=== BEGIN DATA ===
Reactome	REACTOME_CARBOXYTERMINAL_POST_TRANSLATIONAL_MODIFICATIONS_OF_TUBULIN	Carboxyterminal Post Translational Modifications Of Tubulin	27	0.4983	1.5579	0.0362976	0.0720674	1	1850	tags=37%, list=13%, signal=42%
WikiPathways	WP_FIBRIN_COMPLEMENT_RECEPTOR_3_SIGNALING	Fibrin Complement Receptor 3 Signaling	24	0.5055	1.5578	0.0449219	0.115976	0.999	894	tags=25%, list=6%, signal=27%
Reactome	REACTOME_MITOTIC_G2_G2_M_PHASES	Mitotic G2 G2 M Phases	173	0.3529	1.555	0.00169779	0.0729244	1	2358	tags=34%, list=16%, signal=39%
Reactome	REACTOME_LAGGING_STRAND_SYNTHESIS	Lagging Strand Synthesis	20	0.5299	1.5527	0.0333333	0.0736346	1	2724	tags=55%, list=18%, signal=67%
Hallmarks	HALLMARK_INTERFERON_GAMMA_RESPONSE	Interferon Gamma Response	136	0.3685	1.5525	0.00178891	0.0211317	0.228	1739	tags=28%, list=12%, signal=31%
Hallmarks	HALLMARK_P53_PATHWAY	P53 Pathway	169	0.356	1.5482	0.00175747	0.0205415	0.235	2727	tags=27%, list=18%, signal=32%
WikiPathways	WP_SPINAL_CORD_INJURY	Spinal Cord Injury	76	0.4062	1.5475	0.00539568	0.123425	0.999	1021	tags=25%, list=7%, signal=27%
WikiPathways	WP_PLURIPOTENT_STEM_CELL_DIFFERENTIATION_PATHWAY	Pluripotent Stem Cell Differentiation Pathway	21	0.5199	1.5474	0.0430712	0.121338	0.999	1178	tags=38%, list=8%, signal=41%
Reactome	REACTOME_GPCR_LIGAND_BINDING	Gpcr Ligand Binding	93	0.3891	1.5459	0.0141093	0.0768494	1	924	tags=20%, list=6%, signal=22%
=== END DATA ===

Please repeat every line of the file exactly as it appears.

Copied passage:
Reactome	REACTOME_CARBOXYTERMINAL_POST_TRANSLATIONAL_MODIFICATIONS_OF_TUBULIN	Carboxyterminal Post Translational Modifications Of Tubulin	27	0.4983	1.5579	0.0362976	0.0720674	1	1850	tags=37%, list=13%, signal=42%
WikiPathways	WP_FIBRIN_COMPLEMENT_RECEPTOR_3_SIGNALING	Fibrin Complement Receptor 3 Signaling	24	0.5055	1.5578	0.0449219	0.115976	0.999	894	tags=25%, list=6%, signal=27%
Reactome	REACTOME_MITOTIC_G2_G2_M_PHASES	Mitotic G2 G2 M Phases	173	0.3529	1.555	0.00169779	0.0729244	1	2358	tags=34%, list=16%, signal=39%
Reactome	REACTOME_LAGGING_STRAND_SYNTHESIS	Lagging Strand Synthesis	20	0.5299	1.5527	0.0333333	0.0736346	1	2724	tags=55%, list=18%, signal=67%
Hallmarks	HALLMARK_INTERFERON_GAMMA_RESPONSE	Interferon Gamma Response	136	0.3685	1.5525	0.00178891	0.0211317	0.228	1739	tags=28%, list=12%, signal=31%
Hallmarks	HALLMARK_P53_PATHWAY	P53 Pathway	169	0.356	1.5482	0.00175747	0.0205415	0.235	2727	tags=27%, list=18%, signal=32%
WikiPathways	WP_SPINAL_CORD_INJURY	Spinal Cord Injury	76	0.4062	1.5475	0.00539568	0.123425	0.999	1021	tags=25%, list=7%, signal=27%
WikiPathways	WP_PLURIPOTENT_STEM_CELL_DIFFERENTIATION_PATHWAY	Pluripotent Stem Cell Differentiation Pathway	21	0.5199	1.5474	0.0430712	0.121338	0.999	1178	tags=38%, list=8%, signal=41%
Reactome	REACTOME_GPCR_LIGAND_BINDING	Gpcr Ligand Binding	93	0.3891	1.5459	0.0141093	0.0768494	1	924	tags=20%, list=6%, signal=22%